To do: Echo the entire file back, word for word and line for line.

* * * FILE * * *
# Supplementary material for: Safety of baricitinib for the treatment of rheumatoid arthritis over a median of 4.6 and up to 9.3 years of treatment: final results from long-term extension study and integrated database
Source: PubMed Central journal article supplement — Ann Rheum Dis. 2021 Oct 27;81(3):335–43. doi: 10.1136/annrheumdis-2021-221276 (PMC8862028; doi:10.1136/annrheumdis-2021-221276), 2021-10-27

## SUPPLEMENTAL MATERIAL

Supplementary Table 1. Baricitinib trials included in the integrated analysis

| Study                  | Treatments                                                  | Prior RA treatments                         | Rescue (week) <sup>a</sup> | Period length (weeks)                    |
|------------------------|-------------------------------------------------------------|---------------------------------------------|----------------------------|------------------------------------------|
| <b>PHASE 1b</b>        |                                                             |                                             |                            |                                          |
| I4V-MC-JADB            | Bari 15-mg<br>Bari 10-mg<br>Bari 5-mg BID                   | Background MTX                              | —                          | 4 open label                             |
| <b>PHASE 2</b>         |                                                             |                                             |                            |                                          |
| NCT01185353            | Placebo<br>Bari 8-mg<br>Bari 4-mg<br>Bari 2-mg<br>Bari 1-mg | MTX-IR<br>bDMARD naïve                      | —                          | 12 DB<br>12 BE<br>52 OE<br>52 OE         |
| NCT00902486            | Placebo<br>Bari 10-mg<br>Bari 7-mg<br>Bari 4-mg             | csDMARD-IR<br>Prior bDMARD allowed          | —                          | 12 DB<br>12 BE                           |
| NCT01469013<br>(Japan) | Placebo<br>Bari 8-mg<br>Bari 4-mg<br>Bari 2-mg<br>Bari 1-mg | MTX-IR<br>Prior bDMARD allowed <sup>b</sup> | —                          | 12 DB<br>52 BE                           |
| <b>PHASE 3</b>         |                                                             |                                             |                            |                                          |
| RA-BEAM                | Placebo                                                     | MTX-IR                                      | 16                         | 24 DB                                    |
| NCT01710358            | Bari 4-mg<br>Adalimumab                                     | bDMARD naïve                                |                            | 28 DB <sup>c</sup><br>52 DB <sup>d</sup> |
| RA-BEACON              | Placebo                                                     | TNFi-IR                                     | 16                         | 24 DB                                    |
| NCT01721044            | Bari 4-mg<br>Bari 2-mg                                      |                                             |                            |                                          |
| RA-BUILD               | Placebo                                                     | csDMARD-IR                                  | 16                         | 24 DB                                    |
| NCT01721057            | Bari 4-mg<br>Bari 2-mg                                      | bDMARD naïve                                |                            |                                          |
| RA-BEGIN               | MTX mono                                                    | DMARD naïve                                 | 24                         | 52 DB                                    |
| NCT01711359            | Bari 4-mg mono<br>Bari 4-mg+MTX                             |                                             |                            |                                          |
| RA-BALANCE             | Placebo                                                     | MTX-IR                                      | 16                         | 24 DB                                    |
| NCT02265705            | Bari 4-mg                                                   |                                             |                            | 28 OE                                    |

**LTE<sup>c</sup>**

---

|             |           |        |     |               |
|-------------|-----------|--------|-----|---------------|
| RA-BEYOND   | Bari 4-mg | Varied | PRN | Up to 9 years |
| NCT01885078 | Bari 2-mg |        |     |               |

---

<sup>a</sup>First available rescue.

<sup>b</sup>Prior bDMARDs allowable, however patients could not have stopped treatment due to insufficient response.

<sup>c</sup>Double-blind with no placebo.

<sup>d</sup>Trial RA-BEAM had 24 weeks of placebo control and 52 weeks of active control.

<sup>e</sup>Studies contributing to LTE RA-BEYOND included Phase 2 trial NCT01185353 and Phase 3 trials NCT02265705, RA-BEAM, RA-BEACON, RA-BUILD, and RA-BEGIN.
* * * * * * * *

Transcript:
# Supplementary material for: Safety of baricitinib for the treatment of rheumatoid arthritis over a median of 4.6 and up to 9.3 years of treatment: final results from long-term extension study and integrated database
Source: PubMed Central journal article supplement — Ann Rheum Dis. 2021 Oct 27;81(3):335–43. doi: 10.1136/annrheumdis-2021-221276 (PMC8862028; doi:10.1136/annrheumdis-2021-221276), 2021-10-27

## SUPPLEMENTAL MATERIAL

Supplementary Table 1. Baricitinib trials included in the integrated analysis

| Study                  | Treatments                                                  | Prior RA treatments                         | Rescue (week) <sup>a</sup> | Period length (weeks)                    |
|------------------------|-------------------------------------------------------------|---------------------------------------------|----------------------------|------------------------------------------|
| <b>PHASE 1b</b>        |                                                             |                                             |                            |                                          |
| I4V-MC-JADB            | Bari 15-mg<br>Bari 10-mg<br>Bari 5-mg BID                   | Background MTX                              | —                          | 4 open label                             |
| <b>PHASE 2</b>         |                                                             |                                             |                            |                                          |
| NCT01185353            | Placebo<br>Bari 8-mg<br>Bari 4-mg<br>Bari 2-mg<br>Bari 1-mg | MTX-IR<br>bDMARD naïve                      | —                          | 12 DB<br>12 BE<br>52 OE<br>52 OE         |
| NCT00902486            | Placebo<br>Bari 10-mg<br>Bari 7-mg<br>Bari 4-mg             | csDMARD-IR<br>Prior bDMARD allowed          | —                          | 12 DB<br>12 BE                           |
| NCT01469013<br>(Japan) | Placebo<br>Bari 8-mg<br>Bari 4-mg<br>Bari 2-mg<br>Bari 1-mg | MTX-IR<br>Prior bDMARD allowed <sup>b</sup> | —                          | 12 DB<br>52 BE                           |
| <b>PHASE 3</b>         |                                                             |                                             |                            |                                          |
| RA-BEAM                | Placebo                                                     | MTX-IR                                      | 16                         | 24 DB                                    |
| NCT01710358            | Bari 4-mg<br>Adalimumab                                     | bDMARD naïve                                |                            | 28 DB <sup>c</sup><br>52 DB <sup>d</sup> |
| RA-BEACON              | Placebo                                                     | TNFi-IR                                     | 16                         | 24 DB                                    |
| NCT01721044            | Bari 4-mg<br>Bari 2-mg                                      |                                             |                            |                                          |
| RA-BUILD               | Placebo                                                     | csDMARD-IR                                  | 16                         | 24 DB                                    |
| NCT01721057            | Bari 4-mg<br>Bari 2-mg                                      | bDMARD naïve                                |                            |                                          |
| RA-BEGIN               | MTX mono                                                    | DMARD naïve                                 | 24                         | 52 DB                                    |
| NCT01711359            | Bari 4-mg mono<br>Bari 4-mg+MTX                             |                                             |                            |                                          |
| RA-BALANCE             | Placebo                                                     | MTX-IR                                      | 16                         | 24 DB                                    |
| NCT02265705            | Bari 4-mg                                                   |                                             |                            | 28 OE                                    |

**LTE<sup>c</sup>**

---

|             |           |        |     |               |
|-------------|-----------|--------|-----|---------------|
| RA-BEYOND   | Bari 4-mg | Varied | PRN | Up to 9 years |
| NCT01885078 | Bari 2-mg |        |     |               |

---

<sup>a</sup>First available rescue.

<sup>b</sup>Prior bDMARDs allowable, however patients could not have stopped treatment due to insufficient response.

<sup>c</sup>Double-blind with no placebo.

<sup>d</sup>Trial RA-BEAM had 24 weeks of placebo control and 52 weeks of active control.

<sup>e</sup>Studies contributing to LTE RA-BEYOND included Phase 2 trial NCT01185353 and Phase 3 trials NCT02265705, RA-BEAM, RA-BEACON, RA-BUILD, and RA-BEGIN.